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Compassionate Release Relief Available after 4th Circuit:McCoy

In McCoy, the 4th Circuit held that an inmate can seek compassionate release relief under 3582, for sentence reduction.

The 4th Circuit decided McCoy/Bryant, providing compassionate release relief. Now we take a look at what happened in court and what happens now.

McCoy, Bryant and Procedural History



's charges are due in part to his

involvement in a string of 12 robberies.  He pled guilty to 2 counts of Hobbs Act Robbery and 2 counts of the use of firearms under 18 USC 924(c).  He received 32 years for the gun charges.  He also received 7 years for the first 924c charge and 25 years for the second.  He was sentenced to 37 months for the robberies. 

McCoy filed for 3582 compassionate release relief in 2020.  In granting his motion, the courts determined that when the FIRST STEP Act (that contained the 3582 relief) was enacted, "Congress intended to remove the BOP from this gatekeeping role."

The court determined that it would be frustrating if USSG 1B1.13 application note D were allowed to mandate that the BOP approve McCoy's 3582 motion.  The court granted his reduction to time served. 


Bryant, Decator and Scott participated in one attempted and two completed bank robberies.  Each r

eceived a charge with

three 924(c) convictions. 

At that time such charges carried a mandatory minimum sentence of 45 years.  "The district court expressed its concern about the severity of the sentences produced by the stacked  § 924(c) charges but explained that it had no discretion in the matter."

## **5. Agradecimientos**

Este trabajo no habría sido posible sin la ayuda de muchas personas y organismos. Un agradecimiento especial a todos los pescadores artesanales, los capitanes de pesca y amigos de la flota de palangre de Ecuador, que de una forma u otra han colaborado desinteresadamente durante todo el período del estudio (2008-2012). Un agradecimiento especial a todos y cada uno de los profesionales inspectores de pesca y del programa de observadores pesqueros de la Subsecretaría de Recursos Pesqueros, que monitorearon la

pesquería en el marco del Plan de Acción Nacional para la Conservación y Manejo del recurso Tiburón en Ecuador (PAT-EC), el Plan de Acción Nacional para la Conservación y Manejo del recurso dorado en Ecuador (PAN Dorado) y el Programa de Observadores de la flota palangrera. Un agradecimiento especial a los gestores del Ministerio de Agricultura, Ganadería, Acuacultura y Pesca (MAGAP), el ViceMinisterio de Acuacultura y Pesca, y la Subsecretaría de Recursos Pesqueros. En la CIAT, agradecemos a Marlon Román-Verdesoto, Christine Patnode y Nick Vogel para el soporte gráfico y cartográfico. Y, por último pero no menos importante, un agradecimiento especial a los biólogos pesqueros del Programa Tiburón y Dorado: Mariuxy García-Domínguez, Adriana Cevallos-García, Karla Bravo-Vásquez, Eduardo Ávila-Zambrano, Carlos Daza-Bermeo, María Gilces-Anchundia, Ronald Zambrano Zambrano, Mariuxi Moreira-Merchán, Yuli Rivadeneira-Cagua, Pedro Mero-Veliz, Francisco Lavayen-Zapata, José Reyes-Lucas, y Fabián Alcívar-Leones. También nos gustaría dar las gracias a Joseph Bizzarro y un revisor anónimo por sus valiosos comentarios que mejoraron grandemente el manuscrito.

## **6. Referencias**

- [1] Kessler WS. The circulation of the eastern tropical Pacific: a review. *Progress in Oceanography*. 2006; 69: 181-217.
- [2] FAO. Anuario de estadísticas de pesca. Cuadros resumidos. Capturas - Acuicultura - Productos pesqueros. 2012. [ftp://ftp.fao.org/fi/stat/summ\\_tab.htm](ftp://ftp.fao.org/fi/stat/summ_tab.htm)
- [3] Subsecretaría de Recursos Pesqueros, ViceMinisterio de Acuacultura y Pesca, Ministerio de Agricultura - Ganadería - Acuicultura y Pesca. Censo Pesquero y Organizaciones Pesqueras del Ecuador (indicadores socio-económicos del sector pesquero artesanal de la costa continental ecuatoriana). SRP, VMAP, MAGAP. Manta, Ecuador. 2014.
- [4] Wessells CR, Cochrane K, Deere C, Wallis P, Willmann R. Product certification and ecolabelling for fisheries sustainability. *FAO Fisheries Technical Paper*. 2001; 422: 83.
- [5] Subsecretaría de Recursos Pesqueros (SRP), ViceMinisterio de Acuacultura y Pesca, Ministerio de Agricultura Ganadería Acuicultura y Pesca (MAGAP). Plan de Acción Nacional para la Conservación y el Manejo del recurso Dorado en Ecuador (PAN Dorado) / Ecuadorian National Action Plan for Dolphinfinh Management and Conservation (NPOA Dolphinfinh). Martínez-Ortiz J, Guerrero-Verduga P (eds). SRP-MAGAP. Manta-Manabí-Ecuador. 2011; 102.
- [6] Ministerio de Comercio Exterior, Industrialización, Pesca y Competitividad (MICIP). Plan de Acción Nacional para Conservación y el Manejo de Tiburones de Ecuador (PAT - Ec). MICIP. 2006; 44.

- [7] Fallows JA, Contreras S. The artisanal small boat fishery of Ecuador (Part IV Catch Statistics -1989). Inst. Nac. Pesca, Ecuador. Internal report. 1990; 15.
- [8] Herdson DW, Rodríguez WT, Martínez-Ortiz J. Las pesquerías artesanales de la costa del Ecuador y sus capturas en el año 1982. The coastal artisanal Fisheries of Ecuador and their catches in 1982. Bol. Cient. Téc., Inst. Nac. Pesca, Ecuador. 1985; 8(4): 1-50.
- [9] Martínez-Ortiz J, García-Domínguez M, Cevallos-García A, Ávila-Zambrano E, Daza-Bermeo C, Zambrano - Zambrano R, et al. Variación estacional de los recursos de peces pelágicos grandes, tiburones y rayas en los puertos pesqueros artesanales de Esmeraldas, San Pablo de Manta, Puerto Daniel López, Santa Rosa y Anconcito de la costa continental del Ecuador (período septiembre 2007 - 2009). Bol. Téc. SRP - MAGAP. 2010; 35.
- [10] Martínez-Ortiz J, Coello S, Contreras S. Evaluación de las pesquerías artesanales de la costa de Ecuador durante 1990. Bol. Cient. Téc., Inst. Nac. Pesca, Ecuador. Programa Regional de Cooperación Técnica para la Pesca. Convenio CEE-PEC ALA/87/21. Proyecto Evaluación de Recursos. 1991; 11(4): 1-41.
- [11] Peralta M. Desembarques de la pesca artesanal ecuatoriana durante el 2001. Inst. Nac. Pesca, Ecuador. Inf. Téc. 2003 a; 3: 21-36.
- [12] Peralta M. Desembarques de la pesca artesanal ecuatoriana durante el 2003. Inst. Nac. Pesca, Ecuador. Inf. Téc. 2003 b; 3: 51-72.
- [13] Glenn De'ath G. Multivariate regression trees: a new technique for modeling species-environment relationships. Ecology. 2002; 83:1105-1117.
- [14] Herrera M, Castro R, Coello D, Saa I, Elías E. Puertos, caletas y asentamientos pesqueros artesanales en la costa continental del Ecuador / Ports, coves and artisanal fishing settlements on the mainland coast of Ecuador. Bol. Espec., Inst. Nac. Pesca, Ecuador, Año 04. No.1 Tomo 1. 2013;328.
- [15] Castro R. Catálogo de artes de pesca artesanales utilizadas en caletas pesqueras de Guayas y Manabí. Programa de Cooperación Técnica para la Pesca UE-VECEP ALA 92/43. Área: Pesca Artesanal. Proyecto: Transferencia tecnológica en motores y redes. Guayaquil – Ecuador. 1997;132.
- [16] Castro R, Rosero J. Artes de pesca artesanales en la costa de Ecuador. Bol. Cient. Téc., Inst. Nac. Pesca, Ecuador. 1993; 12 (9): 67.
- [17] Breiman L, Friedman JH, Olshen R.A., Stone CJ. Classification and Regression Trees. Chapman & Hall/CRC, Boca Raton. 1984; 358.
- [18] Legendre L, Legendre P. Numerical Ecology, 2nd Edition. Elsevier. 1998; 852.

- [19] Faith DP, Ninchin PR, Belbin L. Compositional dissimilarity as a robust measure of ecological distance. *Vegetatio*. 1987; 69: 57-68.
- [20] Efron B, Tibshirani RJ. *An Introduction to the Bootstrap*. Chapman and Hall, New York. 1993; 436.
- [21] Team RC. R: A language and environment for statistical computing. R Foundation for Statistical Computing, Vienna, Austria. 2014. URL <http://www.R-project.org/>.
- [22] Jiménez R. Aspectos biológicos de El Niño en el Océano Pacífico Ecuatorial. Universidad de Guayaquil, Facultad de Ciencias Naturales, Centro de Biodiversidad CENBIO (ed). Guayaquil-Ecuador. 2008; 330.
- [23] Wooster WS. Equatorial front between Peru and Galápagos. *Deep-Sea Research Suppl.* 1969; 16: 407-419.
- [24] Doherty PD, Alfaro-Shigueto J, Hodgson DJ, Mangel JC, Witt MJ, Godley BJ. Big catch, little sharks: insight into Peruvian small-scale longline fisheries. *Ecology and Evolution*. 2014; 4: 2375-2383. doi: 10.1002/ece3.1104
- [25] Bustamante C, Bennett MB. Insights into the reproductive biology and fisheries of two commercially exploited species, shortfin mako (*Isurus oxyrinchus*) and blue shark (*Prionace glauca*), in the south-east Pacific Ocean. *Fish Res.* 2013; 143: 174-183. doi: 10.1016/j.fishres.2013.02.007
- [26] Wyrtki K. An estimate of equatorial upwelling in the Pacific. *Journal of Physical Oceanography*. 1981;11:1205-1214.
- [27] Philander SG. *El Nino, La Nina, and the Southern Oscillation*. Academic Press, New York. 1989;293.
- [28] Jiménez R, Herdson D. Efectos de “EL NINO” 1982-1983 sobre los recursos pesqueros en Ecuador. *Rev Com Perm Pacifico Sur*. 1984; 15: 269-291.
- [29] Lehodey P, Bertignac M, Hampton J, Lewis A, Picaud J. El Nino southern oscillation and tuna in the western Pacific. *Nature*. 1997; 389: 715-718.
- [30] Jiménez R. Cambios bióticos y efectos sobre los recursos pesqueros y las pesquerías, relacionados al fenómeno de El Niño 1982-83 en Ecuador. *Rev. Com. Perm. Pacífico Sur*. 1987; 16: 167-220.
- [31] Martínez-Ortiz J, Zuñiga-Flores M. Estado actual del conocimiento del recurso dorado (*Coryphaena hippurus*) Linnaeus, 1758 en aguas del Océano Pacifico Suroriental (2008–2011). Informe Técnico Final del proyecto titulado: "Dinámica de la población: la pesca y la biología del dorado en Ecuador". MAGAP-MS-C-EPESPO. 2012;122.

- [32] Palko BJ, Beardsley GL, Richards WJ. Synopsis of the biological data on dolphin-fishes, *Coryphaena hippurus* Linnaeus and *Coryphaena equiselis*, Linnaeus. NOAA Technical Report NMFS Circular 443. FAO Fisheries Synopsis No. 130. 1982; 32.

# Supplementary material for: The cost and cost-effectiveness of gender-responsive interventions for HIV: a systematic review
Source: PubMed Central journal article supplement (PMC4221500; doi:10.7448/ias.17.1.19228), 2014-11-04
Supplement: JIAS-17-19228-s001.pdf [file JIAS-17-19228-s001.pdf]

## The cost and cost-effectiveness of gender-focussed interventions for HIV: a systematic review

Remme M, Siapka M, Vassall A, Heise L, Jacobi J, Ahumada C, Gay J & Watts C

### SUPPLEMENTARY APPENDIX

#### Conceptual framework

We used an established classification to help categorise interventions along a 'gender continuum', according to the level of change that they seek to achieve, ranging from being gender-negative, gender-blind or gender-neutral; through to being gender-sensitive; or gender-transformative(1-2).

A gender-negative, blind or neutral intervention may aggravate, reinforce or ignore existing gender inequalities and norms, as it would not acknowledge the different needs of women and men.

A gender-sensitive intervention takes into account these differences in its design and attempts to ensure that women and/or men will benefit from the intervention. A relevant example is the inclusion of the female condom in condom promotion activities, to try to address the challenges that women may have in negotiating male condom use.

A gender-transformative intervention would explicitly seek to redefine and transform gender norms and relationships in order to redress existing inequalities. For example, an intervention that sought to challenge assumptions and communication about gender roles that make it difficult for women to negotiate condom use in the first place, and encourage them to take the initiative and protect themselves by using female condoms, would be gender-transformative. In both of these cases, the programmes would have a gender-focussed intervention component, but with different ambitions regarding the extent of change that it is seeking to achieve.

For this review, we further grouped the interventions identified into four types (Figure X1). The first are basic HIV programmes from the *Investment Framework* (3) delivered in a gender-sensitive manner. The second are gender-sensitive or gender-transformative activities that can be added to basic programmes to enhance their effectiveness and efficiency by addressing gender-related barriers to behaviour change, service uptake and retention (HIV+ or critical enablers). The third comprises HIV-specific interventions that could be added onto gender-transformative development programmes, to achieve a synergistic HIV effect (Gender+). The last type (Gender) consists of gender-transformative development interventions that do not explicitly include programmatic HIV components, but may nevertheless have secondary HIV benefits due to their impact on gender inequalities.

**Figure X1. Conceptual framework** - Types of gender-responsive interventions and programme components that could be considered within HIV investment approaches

Compassionate Release Results

They all sought compassionate release relief and their sentences were reduced to time served.  All of the defendants have been released on supervision and subject to additional conditions.  The government appealed these decisions.   

  • The court held that "[w]hat § 3582(c)(1)(A) requires is that sentence reductions be consistent with “applicable policy statements.” And here, that consistency requirement simply is not implicated, for the threshold reason that there currently exists no “applicable policy statement[ ].”
  • The court noted that they joined the Second Circuit's holding in Zullo, the Sixth Circuit's decision in Jones and the Second Circuit's decision in Gunn.
  • The court went on to say that "A sentence reduction brought about by motion of a defendant, rather than the BOP, is not a reduction “under this policy statement.”
  • By its plain terms, in short,  § 1B1.13 does not apply to defendant-filed motions under  § 3582(c)(1)(A)."..."There is, as of now, no 'applicable' policy statement governing compassionate-release motions filed by defendants under the recently amended  § 3582(c)(1)(A).
  • As a result, district courts are “empowered ... to consider any extraordinary and compelling reason for release that a defendant might raise.” The Government also argued that the district courts erred in "treating as “extraordinary and compelling reasons” the length of the defendants’ sentences. The fact that those sentences would be dramatically shorter today, given that the First Step Act’s elimination of sentence-stacking under § 924(c)" gives relief through compassionate release.